Tapestry of Faith: Building Bridges: A World Religions Program for 8th-9th Grades

The Mormon Trail

How did an American religion that began with a boy praying in the woods become, in less than 200 years, a major world religion? How did a story as surprising as his—of Jesus visiting the Americas and modern-day Native Americans descending from the Hebrews—gain acceptance by 13 million people worldwide? How did a religion promoting polygamy (marrying more than one wife) as late as the 1880s become a part of mainstream America today?

The answer is that Mormonism has come a long way, both figuratively and literally. You will graph the literal journey with your bodies today.

Have participants line up. Designate the walls of the room you are in as north, south, east and west. Or rather, Canada, the Gulf of Mexico, the Atlantic and the Pacific. Tell youth, "As each place name is read, the next person in line will go to the approximate place on our 'map,' and remember the piece of history that occurred there. At the end of the story, you will recite this part of the history."

New York

The story of Mormonism began in Palmyra, New York in 1823. A youth named Joseph Smith says he was visited by an angel, Moroni. Moroni told Smith that God had a special relationship with the people of North America. Over the next four years, Moroni instructed Smith to dig up golden tablets that told of God's activities in America and helped him translate them into The Book of Mormon, which was published in 1830. Smith said he gave the plates back to the angel, then started preaching. He formed The Church of Jesus Christ of Latter-day Saints. Smith served as the church's first president until his death in 1844.

What were some of the core beliefs in Smith's early church? Smith preached that God, Jesus, and the Holy Spirit were three distinct beings that could act as one, but he called them the "Godhead," not the Trinity. Mormonism is Christian, and does not consider itself Catholic or Protestant, but a return to a religion as preached by Jesus in the Americas and disclosed in The Book of Mormon (which Mormons consider divine scripture, alongside the Bible).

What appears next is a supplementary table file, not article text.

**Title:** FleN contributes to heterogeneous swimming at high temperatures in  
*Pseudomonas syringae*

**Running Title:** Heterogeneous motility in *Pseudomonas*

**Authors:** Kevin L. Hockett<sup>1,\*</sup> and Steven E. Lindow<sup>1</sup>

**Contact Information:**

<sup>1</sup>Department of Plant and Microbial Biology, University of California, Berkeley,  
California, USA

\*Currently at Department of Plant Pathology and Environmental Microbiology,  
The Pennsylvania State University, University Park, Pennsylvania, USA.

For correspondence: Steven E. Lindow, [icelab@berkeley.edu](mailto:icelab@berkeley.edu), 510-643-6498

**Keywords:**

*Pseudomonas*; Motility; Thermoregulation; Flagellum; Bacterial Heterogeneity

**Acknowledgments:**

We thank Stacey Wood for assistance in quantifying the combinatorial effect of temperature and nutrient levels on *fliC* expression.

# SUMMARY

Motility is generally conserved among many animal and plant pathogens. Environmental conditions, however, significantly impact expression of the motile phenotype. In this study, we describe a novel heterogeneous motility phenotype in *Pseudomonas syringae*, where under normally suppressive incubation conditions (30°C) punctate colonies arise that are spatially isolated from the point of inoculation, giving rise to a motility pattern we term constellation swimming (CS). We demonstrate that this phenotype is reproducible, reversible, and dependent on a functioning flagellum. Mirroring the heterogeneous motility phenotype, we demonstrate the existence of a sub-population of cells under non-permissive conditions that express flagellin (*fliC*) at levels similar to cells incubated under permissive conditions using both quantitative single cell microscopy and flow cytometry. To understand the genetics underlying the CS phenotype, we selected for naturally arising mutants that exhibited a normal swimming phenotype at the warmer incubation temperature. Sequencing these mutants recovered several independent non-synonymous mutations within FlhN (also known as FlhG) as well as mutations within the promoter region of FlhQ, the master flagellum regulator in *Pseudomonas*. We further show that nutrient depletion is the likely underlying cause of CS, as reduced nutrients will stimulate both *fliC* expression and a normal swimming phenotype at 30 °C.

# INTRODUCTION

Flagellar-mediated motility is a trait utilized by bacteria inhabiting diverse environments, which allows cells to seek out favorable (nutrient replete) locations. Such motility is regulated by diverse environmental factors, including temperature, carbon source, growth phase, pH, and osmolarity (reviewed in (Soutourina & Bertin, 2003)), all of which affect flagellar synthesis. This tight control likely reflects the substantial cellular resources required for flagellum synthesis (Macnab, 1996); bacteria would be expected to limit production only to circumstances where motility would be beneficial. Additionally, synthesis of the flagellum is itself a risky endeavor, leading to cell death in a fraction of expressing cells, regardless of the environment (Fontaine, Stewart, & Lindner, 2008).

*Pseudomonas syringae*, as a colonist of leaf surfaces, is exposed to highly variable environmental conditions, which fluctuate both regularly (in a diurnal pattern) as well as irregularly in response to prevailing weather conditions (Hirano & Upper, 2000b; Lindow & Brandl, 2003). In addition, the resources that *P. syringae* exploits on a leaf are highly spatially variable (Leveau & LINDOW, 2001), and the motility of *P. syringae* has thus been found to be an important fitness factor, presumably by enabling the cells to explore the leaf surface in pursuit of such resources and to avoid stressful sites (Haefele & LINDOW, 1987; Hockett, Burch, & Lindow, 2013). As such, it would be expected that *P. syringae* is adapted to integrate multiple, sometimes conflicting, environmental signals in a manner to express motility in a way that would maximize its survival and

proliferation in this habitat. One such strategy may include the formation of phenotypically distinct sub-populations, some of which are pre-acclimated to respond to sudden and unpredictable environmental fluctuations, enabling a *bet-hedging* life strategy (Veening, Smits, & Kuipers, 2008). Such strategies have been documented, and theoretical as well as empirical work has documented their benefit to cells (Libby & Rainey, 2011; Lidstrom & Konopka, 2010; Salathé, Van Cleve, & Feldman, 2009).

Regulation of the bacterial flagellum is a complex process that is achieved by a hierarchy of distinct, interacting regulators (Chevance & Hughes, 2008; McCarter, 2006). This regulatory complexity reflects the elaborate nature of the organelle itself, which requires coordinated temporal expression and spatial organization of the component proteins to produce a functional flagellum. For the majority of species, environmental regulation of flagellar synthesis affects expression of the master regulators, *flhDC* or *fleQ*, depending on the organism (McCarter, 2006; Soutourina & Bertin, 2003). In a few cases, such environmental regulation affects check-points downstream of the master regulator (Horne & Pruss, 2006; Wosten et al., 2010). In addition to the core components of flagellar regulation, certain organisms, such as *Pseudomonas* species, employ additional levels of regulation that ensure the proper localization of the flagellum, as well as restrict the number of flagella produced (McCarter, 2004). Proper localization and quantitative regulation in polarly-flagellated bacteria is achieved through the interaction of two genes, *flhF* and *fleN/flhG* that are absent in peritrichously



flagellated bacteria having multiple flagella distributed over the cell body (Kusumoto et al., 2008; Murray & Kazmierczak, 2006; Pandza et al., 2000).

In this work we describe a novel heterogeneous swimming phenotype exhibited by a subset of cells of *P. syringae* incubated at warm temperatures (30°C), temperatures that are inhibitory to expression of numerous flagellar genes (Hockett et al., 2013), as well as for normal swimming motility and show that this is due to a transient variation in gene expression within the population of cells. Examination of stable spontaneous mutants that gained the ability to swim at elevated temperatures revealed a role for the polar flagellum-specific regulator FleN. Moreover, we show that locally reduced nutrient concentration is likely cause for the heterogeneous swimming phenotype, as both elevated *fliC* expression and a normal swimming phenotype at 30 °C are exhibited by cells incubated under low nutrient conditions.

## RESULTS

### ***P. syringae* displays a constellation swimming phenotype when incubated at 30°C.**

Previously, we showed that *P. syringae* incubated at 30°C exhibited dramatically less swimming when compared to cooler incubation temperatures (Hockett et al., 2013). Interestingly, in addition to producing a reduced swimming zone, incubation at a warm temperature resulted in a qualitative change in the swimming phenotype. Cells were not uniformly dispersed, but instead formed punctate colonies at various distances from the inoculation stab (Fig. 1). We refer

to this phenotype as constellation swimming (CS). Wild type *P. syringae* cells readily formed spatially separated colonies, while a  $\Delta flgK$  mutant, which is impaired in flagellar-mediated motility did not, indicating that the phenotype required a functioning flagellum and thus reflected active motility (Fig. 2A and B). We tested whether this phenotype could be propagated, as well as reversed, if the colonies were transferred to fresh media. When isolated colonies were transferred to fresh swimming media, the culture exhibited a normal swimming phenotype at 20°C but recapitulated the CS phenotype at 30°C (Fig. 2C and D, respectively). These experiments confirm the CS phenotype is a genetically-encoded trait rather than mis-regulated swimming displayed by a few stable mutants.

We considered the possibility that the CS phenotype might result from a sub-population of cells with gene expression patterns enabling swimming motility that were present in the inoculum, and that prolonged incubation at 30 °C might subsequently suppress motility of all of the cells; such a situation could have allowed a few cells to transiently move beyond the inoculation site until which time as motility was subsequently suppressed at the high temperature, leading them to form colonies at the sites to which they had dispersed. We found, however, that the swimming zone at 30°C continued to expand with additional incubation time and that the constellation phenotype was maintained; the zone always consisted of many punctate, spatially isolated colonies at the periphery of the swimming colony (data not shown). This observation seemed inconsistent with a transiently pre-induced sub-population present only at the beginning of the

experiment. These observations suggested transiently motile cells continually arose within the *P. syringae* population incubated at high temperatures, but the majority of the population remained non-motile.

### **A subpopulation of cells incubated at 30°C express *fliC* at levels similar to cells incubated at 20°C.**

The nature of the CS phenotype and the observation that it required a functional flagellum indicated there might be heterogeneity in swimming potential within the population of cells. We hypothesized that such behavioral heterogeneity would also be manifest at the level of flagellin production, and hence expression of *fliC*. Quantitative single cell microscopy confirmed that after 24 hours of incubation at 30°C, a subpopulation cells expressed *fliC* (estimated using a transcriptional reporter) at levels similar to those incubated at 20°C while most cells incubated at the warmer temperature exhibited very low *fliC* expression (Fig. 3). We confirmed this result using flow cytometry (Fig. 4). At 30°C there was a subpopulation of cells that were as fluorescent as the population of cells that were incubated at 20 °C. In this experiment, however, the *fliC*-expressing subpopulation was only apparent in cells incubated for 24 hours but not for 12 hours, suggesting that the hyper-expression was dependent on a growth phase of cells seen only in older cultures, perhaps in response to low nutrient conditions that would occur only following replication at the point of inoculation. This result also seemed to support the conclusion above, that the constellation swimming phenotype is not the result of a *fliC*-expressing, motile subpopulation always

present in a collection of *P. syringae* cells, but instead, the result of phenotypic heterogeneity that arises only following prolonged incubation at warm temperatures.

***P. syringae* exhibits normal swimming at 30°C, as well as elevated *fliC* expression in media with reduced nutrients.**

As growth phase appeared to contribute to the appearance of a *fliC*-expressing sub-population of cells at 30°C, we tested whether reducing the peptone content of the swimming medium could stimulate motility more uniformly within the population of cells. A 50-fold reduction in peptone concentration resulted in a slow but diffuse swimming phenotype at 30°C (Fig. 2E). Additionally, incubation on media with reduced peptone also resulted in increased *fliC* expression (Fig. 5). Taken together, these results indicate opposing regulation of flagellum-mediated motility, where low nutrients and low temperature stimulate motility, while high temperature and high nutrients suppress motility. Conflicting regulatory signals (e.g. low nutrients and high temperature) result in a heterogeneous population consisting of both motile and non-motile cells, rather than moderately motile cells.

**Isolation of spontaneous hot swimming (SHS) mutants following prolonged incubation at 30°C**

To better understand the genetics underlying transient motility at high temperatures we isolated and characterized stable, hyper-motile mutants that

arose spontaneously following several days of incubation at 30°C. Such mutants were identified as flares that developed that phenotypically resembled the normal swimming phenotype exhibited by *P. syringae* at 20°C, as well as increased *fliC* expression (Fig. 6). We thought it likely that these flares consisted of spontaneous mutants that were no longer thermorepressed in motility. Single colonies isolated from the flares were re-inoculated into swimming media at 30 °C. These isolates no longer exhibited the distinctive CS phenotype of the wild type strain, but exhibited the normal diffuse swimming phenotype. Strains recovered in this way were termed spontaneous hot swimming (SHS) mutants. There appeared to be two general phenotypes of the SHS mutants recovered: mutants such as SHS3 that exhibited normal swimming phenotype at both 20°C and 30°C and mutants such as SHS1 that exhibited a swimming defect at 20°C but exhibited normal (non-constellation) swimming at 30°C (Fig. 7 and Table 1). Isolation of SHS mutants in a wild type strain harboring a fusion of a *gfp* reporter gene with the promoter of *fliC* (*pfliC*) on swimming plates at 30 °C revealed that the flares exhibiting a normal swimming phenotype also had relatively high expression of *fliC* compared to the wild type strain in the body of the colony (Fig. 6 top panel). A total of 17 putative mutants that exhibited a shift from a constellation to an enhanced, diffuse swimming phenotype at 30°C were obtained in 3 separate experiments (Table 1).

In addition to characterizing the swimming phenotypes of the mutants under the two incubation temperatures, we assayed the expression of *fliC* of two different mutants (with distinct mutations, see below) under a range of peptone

They believe that individuals are composed of spirits that lived together in God's presence before being incarnated in their present bodies. During a lifetime, Mormons must prove themselves worthy to rejoin their spirits with God. They do this by baptism, following a strict moral and health code, missionary work, and supporting the church through financial contributions and service. Marriage and a strong family life are also central to the church's teachings.


The young church moved to Kirtland, Ohio. True to its missionary nature, it grew quickly. Required tithing (giving 10 percent of income to the church) and other donations strengthened the Mormon community. Instead of relying on outside sources, the church helped Mormon families build homes and businesses. The general populace became suspicious of their financial dealings and growing numbers, and they drove them out.


Next stop was Jackson County, Missouri. The first Mormon temple was built here. The Mormon population was growing so fast the local townspeople felt they were taking over. A war between the locals and the Mormons ensued.